My guess is that if General Jackson had recovered, his wounds would have made no difference to him in how he conducted his business. He considered himself an instrument of God, and that he was doing what God had ordained for him. He once said: "God has fixed the time for my death. I do not concern myself about that, but to always be ready, no matter when it may overtake me." I believe that he would have viewed his wounds as a kind of test that God had given him to endure. But, of course, there is no way we can know how the experience might have effected him.

Stonewall Jackson - in His Own Words. Quotes



 Posted: Fri May 10th, 2013 11:07 pm
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Hellcat
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TD I stick by what I said at the start of my first post as I think in part it does go to the intended meaning. Grant wasn't Meade, I have to believe he would have fought Gettysburg differently from Meade and that would have affected the outcome of the battle, and possibly even the outcome of the war. Johnston wasn't Lee, had he been left in charge of the Army of Northern Virginia would McClellan have eventually pulled back from the Penisula as he did with Lee or would he have possibly taken Richmond by that fall? I have to believe that you could take just about any general who was not involved in a particular battle and place them in that battle with the results being they would have an affect on the outcome of the battle. So the question I ask is not if they'd affect the outcome but how much of an effect their presence would cause.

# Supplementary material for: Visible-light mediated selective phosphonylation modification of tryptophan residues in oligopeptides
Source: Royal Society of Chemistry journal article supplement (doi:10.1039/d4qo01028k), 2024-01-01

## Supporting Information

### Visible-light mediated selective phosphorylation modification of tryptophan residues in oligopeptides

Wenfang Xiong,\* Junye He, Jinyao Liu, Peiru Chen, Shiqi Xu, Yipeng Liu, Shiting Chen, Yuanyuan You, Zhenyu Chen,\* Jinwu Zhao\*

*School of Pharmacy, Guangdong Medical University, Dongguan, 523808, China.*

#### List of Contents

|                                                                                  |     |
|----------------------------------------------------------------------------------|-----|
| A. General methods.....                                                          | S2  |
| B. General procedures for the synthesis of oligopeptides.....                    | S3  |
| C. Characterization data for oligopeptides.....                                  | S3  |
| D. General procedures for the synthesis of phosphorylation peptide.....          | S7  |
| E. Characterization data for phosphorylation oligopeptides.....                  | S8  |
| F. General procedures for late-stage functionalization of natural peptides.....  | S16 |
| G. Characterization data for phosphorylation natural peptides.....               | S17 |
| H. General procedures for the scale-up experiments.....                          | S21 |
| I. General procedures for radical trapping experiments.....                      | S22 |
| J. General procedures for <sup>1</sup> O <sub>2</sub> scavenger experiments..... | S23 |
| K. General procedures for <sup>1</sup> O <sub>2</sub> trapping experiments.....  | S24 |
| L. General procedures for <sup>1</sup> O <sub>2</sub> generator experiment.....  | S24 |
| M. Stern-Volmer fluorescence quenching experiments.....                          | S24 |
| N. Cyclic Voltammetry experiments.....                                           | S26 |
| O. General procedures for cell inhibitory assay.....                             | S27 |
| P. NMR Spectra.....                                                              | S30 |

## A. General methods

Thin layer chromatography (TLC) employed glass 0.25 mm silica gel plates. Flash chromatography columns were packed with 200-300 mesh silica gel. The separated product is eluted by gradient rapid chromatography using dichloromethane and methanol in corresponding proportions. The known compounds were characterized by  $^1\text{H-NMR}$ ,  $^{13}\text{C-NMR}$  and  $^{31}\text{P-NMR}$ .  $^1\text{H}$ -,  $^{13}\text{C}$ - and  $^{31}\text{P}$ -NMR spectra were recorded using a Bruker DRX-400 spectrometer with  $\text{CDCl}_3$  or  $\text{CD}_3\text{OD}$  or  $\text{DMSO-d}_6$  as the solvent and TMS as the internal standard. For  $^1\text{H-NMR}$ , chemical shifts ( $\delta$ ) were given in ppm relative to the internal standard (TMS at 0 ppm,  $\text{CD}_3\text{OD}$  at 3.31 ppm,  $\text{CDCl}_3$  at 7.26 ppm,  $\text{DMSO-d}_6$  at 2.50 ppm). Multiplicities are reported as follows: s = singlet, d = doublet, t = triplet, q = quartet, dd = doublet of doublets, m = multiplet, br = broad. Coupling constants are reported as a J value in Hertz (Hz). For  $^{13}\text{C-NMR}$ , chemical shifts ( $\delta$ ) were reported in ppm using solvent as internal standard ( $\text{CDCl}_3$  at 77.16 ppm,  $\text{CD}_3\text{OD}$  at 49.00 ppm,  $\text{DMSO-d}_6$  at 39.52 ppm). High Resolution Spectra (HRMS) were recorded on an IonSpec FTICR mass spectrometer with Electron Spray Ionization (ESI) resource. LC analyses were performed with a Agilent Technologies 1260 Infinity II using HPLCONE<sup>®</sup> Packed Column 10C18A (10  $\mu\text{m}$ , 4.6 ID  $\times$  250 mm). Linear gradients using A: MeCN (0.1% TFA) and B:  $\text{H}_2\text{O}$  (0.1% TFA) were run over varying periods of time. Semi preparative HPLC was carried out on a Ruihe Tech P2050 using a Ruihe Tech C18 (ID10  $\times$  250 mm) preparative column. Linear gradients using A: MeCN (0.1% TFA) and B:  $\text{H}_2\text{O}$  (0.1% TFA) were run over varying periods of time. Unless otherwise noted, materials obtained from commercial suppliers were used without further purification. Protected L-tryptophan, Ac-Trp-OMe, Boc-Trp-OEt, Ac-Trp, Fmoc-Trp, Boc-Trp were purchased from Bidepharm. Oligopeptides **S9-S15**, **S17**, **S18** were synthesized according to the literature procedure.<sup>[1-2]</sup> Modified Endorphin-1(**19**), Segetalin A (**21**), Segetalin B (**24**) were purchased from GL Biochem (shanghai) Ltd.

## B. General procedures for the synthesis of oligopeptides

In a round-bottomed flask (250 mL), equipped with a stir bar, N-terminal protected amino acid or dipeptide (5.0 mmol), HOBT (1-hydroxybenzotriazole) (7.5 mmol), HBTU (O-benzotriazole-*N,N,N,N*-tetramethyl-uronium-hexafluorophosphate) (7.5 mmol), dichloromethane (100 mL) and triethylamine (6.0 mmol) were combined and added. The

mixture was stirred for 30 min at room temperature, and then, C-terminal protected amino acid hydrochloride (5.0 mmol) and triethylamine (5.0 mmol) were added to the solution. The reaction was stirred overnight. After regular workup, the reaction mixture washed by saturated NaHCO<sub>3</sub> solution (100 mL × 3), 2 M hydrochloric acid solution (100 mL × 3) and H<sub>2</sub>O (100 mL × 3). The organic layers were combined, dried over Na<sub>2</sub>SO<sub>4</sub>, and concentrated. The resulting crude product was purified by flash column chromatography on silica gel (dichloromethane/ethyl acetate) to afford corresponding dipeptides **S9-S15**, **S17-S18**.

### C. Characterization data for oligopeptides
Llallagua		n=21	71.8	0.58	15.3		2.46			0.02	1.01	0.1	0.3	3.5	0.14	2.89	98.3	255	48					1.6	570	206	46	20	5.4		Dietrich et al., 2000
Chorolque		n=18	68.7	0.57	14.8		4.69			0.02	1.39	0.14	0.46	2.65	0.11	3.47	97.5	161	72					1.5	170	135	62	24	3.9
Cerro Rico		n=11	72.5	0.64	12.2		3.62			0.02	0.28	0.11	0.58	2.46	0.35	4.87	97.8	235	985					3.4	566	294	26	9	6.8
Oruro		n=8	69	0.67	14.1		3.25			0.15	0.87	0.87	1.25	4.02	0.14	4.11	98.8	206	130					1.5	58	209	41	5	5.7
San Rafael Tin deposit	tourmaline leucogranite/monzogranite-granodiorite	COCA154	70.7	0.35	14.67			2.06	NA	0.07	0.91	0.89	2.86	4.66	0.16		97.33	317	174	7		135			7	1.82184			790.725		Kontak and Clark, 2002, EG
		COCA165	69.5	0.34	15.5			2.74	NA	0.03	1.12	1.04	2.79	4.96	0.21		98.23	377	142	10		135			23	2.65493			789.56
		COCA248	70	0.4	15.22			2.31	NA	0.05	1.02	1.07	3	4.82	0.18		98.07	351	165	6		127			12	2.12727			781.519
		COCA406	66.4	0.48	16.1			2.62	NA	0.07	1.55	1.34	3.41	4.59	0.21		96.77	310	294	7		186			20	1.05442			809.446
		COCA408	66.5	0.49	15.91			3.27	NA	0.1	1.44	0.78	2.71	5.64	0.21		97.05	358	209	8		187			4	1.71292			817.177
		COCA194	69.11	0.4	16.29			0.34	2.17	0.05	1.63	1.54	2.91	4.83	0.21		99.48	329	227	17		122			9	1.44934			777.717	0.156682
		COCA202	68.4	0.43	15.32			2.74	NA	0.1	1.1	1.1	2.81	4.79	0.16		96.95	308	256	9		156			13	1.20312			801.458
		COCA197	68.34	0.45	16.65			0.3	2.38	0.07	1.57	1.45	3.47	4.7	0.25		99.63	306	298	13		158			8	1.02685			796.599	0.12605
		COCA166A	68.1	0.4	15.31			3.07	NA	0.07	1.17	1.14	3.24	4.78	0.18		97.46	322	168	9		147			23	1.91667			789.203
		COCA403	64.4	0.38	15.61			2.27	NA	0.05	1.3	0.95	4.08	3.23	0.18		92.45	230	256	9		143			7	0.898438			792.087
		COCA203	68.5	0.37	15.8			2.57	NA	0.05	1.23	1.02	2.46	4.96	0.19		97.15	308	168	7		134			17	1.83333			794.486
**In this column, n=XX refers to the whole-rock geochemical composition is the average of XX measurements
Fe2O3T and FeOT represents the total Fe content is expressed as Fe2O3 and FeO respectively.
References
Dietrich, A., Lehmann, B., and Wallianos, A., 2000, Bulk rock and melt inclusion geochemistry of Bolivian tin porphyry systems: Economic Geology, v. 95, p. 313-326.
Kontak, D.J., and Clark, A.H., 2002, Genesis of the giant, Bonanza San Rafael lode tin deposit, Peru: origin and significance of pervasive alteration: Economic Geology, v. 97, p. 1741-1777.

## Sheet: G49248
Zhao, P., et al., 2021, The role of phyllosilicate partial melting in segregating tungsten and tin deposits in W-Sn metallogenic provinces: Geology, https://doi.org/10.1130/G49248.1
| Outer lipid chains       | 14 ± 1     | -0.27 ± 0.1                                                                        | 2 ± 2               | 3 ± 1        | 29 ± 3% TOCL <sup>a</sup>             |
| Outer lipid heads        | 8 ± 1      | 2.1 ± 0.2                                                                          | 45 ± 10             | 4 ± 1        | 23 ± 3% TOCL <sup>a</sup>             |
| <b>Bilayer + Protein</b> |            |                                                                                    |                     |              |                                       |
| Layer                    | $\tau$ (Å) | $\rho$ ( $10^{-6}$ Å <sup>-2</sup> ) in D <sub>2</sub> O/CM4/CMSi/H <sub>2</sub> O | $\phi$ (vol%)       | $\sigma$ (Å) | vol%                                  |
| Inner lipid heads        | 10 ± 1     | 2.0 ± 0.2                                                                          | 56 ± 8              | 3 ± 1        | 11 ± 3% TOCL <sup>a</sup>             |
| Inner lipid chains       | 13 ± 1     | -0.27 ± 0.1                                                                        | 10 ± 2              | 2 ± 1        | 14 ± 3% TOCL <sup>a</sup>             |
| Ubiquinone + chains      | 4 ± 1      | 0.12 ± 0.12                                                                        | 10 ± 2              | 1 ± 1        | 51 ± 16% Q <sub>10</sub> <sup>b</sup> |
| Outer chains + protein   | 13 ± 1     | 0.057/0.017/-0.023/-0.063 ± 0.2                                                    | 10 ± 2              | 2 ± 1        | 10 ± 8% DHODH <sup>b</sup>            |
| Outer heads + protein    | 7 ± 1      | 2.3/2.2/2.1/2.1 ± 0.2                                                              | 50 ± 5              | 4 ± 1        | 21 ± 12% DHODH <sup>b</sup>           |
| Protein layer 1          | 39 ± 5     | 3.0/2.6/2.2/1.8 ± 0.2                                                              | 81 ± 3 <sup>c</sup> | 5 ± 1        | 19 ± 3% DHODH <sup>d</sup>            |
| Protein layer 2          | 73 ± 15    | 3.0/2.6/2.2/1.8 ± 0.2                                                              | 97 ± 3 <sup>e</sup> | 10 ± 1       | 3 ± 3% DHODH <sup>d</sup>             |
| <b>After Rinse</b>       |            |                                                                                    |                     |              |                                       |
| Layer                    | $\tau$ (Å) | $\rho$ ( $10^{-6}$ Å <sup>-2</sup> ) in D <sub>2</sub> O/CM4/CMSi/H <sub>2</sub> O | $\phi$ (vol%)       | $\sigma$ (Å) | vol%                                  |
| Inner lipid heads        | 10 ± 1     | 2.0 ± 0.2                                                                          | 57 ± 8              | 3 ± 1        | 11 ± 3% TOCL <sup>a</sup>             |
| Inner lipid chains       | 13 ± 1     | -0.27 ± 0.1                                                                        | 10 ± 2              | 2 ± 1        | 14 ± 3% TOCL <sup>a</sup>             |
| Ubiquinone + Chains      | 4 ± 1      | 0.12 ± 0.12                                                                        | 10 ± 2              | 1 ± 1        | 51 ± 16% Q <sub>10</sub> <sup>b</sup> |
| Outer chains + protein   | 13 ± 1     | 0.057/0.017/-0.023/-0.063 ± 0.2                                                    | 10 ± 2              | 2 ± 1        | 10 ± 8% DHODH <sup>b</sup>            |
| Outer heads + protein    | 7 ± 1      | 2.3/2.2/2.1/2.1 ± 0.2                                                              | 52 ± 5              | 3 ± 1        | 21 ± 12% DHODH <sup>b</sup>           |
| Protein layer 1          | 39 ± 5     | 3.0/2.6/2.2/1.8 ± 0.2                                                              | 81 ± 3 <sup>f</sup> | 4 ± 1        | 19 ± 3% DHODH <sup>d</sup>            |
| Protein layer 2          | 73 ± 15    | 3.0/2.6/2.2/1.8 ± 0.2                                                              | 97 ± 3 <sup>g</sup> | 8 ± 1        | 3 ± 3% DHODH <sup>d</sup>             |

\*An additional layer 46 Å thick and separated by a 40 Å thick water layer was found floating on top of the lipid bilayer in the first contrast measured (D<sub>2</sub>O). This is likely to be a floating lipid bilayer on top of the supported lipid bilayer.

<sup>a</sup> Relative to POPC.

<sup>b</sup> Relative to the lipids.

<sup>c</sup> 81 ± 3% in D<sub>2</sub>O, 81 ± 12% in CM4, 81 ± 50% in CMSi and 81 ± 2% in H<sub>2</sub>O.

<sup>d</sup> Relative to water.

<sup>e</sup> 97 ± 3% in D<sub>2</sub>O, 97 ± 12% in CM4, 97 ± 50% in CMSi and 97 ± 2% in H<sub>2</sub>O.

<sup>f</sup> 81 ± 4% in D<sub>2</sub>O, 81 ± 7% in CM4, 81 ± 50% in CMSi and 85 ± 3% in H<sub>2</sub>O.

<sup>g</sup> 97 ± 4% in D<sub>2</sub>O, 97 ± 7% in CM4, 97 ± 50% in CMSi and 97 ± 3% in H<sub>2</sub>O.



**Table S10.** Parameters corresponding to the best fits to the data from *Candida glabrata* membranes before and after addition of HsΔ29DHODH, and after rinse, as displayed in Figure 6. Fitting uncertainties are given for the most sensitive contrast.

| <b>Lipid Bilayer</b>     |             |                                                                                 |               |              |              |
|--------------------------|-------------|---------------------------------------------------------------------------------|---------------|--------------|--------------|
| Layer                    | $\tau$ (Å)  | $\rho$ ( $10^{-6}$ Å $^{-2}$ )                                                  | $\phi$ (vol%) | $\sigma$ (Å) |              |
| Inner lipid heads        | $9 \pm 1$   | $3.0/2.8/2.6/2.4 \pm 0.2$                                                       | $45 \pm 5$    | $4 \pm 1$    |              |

Ewell wasn't Jackson, Hill wasn't Jackson. After Jackson's death we know Lee weakened the Second Corps by splitting it in two and giving half to Ewell and half to Hill as the Third Corps. And prior to this split Hill had been in charge of the entire corps following Chancellorsville. Had either Ewell or Hill commanded almost exactly like Jackson then I think we could better predict how Jackson would have affected the war and future battles had he lived. But they weren't him so we can't use them as a gauge in my opinion. BUT I believe we can readily assume that had Jackson survived Lee would not have created the Third out of a portion of the Second and that Ewell and Hill would have most likely remained division commanders at Gettysburg (though Ewell might not have been at Gettysburg and might have been commanding reserves in defense of Richmond during the battle). DH Hill might not have been detatched for recruiting duty and then to command reserves in defense of Richmond as his brother-in-law might have managed to keep him in his command. And if this were so then Pettigrew might have returned to DH Hill's Division instead of being made a part of Heth's. So we can't tell where Pettigrew's Brigade would have been June 30th.

But let's assume things leading into Gettysburg still largely played out the way they had in reality and we swap Hill and Henry Heth for Jackson and DH Hill. Pettigrew is supposed to have seen Buford's First Cavalry Division near Gettysburg and did not engage. But on returning to Cashtown he informed Hill and Heth of their pesence in Gettysburg, which both dismissed. Had he told Jackson and DH Hill then I'd think Jackson would have sent a small force to determine if Pettigrew was right on June 30th and informed Lee of the possibility that Federal cavalry was in Gettysburg. He might then have waited for Longstreet's Corps to come up so Lee could launch an attack enforce as was what Lee ordered. This would then have given Lee the choice of battlefield and today we might be talking about the Battle of Cashtown instead of Gettysburg.

On his viewing himself as an instrument of God you're right that we have no way of knowing how his injuries would have affected his thinking on this. For all we'll ever know you're right that he saw his injuries as a test from God. But he might have also viewed them as punishment for not being aggressive enough or for being too aggressive. Or he might have viewed it as a warning not to but himself in such a situation again. We can only speculate on how he would have taken it